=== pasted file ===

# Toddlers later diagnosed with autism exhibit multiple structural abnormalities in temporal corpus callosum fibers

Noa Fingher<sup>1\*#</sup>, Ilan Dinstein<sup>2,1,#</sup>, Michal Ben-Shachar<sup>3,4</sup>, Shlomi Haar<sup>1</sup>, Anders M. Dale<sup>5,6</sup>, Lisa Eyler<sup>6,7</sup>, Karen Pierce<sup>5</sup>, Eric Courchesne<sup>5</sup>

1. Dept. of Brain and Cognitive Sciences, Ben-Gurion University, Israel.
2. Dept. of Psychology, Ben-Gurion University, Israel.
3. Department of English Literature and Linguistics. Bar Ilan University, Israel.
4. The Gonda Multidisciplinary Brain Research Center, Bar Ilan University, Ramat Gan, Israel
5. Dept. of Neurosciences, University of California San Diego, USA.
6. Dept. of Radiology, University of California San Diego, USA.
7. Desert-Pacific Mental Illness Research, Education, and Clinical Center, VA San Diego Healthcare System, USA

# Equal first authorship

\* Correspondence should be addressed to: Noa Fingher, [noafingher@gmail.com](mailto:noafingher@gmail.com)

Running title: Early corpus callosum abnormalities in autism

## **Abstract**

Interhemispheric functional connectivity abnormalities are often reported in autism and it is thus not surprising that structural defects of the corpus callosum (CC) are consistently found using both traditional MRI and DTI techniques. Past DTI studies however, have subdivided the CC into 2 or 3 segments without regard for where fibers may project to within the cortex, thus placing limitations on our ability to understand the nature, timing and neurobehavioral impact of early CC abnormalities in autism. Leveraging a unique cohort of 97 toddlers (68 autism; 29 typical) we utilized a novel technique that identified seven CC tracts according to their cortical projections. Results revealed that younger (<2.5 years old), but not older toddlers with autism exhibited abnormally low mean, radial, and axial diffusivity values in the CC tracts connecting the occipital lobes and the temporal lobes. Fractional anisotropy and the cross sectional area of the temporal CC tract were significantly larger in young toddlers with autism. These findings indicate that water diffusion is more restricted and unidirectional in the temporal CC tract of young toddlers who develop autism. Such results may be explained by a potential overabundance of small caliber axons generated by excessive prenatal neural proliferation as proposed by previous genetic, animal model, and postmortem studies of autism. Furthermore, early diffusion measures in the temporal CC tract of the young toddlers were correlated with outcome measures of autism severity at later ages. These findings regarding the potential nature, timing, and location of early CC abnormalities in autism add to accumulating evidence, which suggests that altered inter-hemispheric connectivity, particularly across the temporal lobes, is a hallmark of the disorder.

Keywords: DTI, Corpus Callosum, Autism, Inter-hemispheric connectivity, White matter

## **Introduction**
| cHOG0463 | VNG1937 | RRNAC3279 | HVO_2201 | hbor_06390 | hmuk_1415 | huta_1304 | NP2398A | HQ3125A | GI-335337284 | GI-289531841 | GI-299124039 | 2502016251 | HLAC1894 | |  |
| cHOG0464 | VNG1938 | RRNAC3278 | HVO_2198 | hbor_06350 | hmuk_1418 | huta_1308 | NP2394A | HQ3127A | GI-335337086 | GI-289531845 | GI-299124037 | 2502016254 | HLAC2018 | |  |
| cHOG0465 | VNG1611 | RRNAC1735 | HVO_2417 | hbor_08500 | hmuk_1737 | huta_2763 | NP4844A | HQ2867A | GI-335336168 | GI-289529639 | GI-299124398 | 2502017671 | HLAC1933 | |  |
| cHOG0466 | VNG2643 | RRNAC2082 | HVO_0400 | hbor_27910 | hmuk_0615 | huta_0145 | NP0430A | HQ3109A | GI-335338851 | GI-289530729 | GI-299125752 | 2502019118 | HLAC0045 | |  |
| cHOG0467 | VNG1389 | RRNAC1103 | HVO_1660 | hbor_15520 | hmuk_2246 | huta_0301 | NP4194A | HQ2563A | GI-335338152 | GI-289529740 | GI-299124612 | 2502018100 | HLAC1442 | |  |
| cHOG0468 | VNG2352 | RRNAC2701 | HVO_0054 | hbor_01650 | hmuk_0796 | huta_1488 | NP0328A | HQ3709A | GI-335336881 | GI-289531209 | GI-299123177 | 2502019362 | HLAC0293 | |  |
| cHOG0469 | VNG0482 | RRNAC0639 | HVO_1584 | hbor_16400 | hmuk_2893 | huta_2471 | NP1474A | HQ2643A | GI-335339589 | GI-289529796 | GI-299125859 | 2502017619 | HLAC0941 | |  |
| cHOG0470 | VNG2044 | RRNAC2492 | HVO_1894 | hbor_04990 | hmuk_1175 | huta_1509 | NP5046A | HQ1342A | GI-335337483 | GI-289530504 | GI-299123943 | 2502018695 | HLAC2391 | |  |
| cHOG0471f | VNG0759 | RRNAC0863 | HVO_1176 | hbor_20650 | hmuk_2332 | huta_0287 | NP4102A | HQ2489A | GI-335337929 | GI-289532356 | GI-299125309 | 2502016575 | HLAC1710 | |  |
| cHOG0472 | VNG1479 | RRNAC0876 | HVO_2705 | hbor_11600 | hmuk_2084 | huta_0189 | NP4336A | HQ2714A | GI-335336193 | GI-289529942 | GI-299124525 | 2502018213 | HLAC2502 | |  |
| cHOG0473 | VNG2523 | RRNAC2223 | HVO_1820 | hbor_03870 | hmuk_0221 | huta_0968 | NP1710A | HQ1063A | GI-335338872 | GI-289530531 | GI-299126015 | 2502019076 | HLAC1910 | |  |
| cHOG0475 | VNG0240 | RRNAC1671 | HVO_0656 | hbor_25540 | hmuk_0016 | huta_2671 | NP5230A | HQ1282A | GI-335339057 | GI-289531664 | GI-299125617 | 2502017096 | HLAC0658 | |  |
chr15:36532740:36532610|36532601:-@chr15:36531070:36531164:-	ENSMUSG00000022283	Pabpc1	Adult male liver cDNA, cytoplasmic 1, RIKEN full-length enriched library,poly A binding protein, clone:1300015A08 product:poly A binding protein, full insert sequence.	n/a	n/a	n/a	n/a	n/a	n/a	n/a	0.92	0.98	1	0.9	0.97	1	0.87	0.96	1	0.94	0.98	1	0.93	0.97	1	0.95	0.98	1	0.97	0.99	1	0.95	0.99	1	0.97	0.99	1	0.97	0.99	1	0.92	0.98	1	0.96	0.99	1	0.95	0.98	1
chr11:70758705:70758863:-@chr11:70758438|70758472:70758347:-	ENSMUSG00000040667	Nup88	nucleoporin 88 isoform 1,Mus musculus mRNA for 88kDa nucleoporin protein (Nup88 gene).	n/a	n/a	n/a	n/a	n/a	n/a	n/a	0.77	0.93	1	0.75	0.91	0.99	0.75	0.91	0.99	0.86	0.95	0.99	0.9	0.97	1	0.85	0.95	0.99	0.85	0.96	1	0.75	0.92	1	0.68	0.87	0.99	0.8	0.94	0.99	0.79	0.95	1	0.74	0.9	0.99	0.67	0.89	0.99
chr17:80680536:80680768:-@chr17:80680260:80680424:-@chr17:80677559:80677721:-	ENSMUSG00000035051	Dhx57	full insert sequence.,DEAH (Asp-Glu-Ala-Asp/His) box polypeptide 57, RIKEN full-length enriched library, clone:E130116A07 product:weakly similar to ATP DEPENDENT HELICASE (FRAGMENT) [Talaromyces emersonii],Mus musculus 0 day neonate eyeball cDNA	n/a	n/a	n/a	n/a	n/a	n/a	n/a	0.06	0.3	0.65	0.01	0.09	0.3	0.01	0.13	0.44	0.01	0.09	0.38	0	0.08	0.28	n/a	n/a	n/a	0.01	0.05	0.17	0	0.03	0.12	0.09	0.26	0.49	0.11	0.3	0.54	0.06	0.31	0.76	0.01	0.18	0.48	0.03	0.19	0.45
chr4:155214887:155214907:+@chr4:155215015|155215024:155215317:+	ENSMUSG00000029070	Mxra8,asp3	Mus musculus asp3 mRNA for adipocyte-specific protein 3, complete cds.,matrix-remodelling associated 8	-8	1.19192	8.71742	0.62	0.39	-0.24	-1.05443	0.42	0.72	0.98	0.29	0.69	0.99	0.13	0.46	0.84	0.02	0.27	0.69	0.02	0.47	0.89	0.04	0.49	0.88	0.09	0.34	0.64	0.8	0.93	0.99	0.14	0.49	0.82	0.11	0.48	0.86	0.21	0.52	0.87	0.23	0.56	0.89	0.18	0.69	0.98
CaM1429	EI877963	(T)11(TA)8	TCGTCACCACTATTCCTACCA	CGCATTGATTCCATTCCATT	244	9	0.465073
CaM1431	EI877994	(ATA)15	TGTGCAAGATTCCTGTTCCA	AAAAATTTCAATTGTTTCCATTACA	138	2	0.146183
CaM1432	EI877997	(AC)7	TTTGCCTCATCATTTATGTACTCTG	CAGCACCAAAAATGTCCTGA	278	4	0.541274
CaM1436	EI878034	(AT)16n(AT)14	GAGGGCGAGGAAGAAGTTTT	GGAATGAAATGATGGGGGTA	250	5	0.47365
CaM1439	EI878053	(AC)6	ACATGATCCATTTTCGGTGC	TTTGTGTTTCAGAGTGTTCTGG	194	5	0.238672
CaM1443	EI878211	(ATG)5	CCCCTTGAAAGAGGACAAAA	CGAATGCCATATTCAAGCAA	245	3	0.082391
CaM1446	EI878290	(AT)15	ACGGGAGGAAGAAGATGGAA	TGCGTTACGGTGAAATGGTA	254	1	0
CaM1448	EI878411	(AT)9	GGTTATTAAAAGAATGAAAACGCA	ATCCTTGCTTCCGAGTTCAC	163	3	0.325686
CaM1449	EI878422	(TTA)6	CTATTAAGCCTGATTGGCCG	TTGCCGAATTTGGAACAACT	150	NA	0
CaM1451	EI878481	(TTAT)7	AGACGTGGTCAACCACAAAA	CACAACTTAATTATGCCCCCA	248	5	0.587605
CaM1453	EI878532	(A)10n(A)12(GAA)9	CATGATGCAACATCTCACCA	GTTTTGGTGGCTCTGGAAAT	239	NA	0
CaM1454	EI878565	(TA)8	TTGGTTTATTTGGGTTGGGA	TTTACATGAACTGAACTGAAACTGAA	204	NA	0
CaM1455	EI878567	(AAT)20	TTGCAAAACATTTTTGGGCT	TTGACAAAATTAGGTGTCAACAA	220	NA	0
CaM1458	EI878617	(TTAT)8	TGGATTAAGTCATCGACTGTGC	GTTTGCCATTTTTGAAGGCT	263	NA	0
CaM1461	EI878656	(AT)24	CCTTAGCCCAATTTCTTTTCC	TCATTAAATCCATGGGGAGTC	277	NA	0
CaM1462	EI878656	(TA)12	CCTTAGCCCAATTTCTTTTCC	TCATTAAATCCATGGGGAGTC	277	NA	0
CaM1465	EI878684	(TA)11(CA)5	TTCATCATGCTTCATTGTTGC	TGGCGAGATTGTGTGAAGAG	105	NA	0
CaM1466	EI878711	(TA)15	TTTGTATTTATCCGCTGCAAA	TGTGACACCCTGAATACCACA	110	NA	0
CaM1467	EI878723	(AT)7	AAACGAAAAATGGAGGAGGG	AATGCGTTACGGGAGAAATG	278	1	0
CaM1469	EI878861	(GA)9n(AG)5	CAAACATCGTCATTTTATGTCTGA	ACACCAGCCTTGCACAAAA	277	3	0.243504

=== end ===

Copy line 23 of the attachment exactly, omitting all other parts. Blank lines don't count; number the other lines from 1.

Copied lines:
| cHOG0469 | VNG0482 | RRNAC0639 | HVO_1584 | hbor_16400 | hmuk_2893 | huta_2471 | NP1474A | HQ2643A | GI-335339589 | GI-289529796 | GI-299125859 | 2502017619 | HLAC0941 | |  |